Although ICER validated the need for and value of CGRP inhibitors for prevention, and gepants for rescue, insurance companies continue to put up roadblocks for patients. These are a few of the unfair tactics payers have used that restrict patient access:

  • Require patients to obtain a prescription from a certified headache specialist, even if there are none in the state.
  • Prohibit the use of certain therapies in combination even though migraine patients have safely and effectively used multiple treatments together for years.
  • Decline to add these new migraine medications to their preferred drug lists, making the cost to patients burdensome.
  • Switch patients to another therapy that is cheaper for them, but may not work as well for the patient.

Successes in access challenges
Migraine advocates are continuing the fight to help patients access the course of care their clinicians deem appropriate. Recently, HMPF members sent a letter to the Iowa state legislature asking them to pass a bill to prohibit forcing stable patients off of medications that are successfully managing their conditions. We also challenged CVS Health, a national pharmacy benefit manager, to provide coverage for combination therapy. They agreed to adjust their coverage policy related to combined use of CGRP inhibitors and onabotulinumtoxinA.

By sending a strong message to policymakers, plans, and insurance commissioners that restrictive practices will cause unnecessary pain, expensive ER visits, and lost productivity, our community continues the movement for expanded access to all treatment options.

Here’s how you can get involved
Our greatest strength is patient and clinician voices. If you’ve experienced access challenges, let your voice be heard. Groups like HMPF, CHAMP, and the U.S. Pain Foundation stand ready to bring your stories to decision-makers. As a consumer, you are entitled to file a complaint with your state insurance commissioner. Patients—and their providers—have an opportunity to get help in appealing their insurance company’s denial. While fighting for yourself, you are adding to the number of migraine warriors who are challenging the status quo, demanding access, and moving the needle to create a new world in which those with migraine are respected, valued, and treated effectively. •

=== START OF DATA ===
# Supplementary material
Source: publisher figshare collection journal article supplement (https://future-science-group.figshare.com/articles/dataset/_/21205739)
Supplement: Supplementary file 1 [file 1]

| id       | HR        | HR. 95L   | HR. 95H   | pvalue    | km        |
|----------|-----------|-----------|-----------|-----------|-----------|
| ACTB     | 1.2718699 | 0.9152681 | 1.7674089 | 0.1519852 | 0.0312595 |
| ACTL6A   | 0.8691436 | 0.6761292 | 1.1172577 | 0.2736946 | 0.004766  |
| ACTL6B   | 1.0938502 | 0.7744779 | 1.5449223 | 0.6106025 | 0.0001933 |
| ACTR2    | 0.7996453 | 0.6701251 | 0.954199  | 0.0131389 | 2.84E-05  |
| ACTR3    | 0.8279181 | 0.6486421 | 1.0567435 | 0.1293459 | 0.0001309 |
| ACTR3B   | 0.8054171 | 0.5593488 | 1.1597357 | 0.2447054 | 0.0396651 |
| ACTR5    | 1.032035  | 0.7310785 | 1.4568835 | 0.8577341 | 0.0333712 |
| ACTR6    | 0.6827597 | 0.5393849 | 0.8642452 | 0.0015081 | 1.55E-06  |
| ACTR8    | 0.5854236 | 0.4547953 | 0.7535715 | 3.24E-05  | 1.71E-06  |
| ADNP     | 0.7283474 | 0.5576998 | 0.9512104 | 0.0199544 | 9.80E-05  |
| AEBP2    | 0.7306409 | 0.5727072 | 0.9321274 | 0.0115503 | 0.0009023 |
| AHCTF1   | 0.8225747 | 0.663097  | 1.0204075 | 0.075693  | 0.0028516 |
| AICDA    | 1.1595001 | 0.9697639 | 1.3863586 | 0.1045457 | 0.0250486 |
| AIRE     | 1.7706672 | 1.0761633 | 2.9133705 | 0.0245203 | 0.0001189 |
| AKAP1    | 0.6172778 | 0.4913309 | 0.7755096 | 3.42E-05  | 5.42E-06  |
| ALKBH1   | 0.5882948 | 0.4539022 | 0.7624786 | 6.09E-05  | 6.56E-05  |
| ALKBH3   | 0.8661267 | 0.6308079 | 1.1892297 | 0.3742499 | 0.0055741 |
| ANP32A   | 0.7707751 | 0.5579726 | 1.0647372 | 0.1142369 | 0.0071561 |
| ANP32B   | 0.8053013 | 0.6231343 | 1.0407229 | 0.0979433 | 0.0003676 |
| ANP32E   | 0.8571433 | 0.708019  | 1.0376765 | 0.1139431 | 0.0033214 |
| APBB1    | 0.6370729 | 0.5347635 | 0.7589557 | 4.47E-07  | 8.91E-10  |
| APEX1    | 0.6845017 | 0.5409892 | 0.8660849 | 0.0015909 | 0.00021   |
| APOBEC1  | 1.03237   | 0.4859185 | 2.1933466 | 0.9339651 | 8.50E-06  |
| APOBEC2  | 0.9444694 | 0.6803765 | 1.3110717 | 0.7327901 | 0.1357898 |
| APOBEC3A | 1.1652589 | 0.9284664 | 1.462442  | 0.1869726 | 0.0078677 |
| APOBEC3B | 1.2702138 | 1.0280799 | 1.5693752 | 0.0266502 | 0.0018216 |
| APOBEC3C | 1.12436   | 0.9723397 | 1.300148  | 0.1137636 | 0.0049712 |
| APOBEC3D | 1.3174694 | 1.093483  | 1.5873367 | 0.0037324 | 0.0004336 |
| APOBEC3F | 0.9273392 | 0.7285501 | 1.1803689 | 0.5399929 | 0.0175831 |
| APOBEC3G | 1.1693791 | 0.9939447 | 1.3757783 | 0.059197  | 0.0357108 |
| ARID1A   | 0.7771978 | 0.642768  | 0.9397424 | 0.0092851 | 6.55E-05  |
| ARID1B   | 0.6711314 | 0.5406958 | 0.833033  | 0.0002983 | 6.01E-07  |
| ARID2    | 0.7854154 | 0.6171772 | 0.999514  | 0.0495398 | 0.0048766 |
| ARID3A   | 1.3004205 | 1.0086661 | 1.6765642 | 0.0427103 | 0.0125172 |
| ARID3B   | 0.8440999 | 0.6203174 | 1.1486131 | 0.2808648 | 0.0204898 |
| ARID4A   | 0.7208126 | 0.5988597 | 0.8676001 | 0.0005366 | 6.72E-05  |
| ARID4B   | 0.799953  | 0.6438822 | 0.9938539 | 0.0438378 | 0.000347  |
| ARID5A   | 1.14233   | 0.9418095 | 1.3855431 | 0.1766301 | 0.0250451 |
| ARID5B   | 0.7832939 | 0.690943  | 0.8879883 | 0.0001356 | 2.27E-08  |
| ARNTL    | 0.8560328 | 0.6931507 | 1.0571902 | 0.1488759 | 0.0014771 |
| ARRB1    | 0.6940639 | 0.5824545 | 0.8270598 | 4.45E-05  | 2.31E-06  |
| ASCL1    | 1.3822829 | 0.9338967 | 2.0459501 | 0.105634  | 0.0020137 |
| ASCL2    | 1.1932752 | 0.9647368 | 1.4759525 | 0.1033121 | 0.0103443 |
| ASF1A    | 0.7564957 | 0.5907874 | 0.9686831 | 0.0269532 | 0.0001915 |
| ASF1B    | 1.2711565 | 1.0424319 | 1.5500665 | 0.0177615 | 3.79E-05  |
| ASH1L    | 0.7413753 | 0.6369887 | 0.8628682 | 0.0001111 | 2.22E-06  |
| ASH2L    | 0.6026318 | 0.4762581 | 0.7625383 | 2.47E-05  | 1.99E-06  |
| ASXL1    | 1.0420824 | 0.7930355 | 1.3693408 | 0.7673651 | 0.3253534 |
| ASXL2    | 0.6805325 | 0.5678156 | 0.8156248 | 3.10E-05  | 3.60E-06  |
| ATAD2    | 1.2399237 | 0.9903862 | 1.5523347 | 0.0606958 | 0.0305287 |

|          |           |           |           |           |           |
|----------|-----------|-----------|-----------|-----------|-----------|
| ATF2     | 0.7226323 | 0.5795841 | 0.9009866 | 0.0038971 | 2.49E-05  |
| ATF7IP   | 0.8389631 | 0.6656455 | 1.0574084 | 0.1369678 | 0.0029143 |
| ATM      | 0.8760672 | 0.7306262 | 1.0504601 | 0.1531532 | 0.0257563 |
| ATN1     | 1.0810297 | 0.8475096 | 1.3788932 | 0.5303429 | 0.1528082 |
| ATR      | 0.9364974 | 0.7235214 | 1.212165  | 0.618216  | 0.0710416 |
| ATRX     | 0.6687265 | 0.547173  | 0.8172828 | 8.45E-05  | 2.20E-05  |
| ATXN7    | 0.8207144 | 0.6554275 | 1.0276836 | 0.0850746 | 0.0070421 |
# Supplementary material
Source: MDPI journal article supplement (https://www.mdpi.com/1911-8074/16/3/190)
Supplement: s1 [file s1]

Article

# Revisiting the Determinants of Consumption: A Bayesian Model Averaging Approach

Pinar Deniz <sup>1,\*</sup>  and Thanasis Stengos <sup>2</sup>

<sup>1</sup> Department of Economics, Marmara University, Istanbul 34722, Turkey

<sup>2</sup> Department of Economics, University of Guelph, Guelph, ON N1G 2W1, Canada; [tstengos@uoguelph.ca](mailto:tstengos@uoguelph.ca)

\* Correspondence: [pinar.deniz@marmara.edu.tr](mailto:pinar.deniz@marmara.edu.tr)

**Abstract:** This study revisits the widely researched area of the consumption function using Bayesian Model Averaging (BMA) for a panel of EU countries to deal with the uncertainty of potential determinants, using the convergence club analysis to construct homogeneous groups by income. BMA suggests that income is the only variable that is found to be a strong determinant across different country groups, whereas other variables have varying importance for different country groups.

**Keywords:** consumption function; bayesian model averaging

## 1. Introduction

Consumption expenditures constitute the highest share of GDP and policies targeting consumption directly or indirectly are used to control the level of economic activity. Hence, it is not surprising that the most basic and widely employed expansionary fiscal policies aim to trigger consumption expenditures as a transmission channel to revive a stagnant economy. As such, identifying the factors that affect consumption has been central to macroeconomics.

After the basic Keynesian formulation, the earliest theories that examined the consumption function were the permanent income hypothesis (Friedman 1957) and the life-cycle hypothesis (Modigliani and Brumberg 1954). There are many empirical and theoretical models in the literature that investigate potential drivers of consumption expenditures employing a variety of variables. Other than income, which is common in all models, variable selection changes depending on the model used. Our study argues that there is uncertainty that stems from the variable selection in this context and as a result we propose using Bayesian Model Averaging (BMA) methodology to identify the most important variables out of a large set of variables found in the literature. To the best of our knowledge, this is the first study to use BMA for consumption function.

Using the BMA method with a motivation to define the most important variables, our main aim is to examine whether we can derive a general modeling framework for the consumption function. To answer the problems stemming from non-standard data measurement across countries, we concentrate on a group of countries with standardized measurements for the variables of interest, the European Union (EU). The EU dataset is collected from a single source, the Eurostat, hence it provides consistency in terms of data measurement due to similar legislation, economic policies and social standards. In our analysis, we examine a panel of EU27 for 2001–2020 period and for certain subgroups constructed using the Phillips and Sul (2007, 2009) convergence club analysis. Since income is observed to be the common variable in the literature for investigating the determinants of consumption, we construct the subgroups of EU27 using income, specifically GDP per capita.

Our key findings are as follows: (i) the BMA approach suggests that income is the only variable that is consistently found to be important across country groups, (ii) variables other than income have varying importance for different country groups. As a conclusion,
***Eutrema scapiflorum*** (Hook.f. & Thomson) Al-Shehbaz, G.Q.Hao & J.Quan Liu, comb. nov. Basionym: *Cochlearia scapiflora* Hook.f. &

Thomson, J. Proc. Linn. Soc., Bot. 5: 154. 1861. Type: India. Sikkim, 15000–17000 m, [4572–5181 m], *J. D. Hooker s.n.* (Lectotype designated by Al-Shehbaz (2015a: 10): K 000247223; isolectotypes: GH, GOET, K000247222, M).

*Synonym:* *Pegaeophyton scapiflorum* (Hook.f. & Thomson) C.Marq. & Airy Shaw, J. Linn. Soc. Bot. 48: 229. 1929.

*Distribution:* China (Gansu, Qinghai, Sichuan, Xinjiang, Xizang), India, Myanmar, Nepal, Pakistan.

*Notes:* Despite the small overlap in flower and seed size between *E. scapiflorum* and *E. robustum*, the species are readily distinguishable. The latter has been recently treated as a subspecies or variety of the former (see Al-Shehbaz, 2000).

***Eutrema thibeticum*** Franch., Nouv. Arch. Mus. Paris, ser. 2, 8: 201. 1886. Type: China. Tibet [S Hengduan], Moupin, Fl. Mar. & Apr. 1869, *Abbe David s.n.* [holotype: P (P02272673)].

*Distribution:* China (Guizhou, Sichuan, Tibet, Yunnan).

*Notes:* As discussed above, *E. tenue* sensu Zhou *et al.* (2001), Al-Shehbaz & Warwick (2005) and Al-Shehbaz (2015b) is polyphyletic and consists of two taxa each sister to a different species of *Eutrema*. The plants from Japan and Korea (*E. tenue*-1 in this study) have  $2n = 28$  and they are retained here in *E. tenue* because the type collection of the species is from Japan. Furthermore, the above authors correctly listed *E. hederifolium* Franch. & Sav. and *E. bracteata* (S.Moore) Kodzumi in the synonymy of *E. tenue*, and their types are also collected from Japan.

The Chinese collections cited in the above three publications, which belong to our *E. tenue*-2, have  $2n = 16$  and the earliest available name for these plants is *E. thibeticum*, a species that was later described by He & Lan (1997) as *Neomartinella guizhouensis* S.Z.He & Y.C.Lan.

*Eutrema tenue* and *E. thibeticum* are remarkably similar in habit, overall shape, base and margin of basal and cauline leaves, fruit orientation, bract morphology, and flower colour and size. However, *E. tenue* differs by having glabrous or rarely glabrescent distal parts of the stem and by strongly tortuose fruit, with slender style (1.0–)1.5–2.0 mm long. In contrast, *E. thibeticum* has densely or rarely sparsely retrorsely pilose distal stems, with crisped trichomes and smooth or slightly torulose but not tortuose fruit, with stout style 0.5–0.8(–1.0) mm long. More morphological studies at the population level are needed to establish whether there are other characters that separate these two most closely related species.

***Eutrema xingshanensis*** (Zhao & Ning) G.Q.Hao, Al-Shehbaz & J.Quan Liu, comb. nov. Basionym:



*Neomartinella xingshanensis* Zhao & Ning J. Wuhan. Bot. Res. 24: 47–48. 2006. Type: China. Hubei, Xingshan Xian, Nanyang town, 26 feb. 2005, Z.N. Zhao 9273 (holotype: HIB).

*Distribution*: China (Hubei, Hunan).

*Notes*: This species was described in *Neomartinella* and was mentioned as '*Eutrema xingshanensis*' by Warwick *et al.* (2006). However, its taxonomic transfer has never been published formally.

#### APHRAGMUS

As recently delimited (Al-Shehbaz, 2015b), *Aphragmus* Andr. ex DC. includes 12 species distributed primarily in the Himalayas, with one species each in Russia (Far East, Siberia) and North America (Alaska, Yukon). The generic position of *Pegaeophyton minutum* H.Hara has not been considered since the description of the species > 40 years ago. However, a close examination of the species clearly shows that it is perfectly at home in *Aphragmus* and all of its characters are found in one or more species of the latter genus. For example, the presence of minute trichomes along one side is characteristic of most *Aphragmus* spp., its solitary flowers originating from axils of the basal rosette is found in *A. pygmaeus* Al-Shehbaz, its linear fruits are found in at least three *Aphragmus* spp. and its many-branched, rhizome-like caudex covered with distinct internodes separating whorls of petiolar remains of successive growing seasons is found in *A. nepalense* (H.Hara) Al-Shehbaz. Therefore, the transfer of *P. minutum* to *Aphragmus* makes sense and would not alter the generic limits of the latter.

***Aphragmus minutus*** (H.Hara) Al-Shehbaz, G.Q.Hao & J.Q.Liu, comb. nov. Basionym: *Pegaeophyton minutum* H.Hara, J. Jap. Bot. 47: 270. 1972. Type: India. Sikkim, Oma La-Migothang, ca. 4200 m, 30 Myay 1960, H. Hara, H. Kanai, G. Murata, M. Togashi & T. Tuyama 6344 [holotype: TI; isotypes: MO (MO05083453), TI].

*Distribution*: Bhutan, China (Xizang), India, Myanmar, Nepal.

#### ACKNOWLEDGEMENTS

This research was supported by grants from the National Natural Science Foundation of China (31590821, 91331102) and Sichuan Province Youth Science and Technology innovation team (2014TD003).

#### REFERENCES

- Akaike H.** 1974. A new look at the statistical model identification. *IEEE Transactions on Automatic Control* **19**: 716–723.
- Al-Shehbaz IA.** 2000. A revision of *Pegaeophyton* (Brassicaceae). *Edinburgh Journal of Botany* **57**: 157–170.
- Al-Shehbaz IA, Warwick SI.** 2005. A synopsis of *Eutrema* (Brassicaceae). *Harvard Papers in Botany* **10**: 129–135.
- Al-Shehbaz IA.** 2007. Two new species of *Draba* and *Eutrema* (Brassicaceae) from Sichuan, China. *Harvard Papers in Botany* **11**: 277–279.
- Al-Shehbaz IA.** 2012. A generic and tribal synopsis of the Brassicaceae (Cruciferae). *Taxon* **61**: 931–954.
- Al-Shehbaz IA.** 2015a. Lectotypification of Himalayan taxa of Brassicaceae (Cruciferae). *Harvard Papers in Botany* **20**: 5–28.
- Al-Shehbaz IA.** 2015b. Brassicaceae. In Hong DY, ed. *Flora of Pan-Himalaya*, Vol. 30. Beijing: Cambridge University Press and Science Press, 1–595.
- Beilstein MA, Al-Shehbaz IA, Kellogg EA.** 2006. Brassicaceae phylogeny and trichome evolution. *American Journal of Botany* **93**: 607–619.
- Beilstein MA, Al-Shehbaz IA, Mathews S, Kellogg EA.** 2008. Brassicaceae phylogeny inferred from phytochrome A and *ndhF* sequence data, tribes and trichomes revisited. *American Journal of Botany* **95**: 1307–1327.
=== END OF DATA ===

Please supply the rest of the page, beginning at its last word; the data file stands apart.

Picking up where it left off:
Call to action: Learn how to appeal to your state insurance commissioner.

Visit HMPF Insurance complaint guide:

Katie M. Golden is the Migraine Advocacy Liaison for the U.S. Pain Foundation, contributing editor of the INvisible Project, and director of Patient Relations for CHAMP (Coalition For Headache And Migraine Patients). Writing and advocating have given back the power that chronic migraine had stolen from her.


Lindsay Videnieks, JD, is executive director of the Headache and Migraine Policy Forum (HMPF), a diverse stakeholder coalition that brings together policy-minded partners that care about patient access. HMPF helped convene the migraine community to prepare comprehensive input during the ICER review of acute therapies. She has more than a decade of experience advising nonprofit institutions on strategies to support public policy goals and to secure funding through the federal appropriations process. She previously worked in the office of Congressman John E. Baldacci (D-ME) as well as on his re-election to the U.S. House of Representatives. A graduate of the University of Maine at Orono, Lindsay received her law degree from the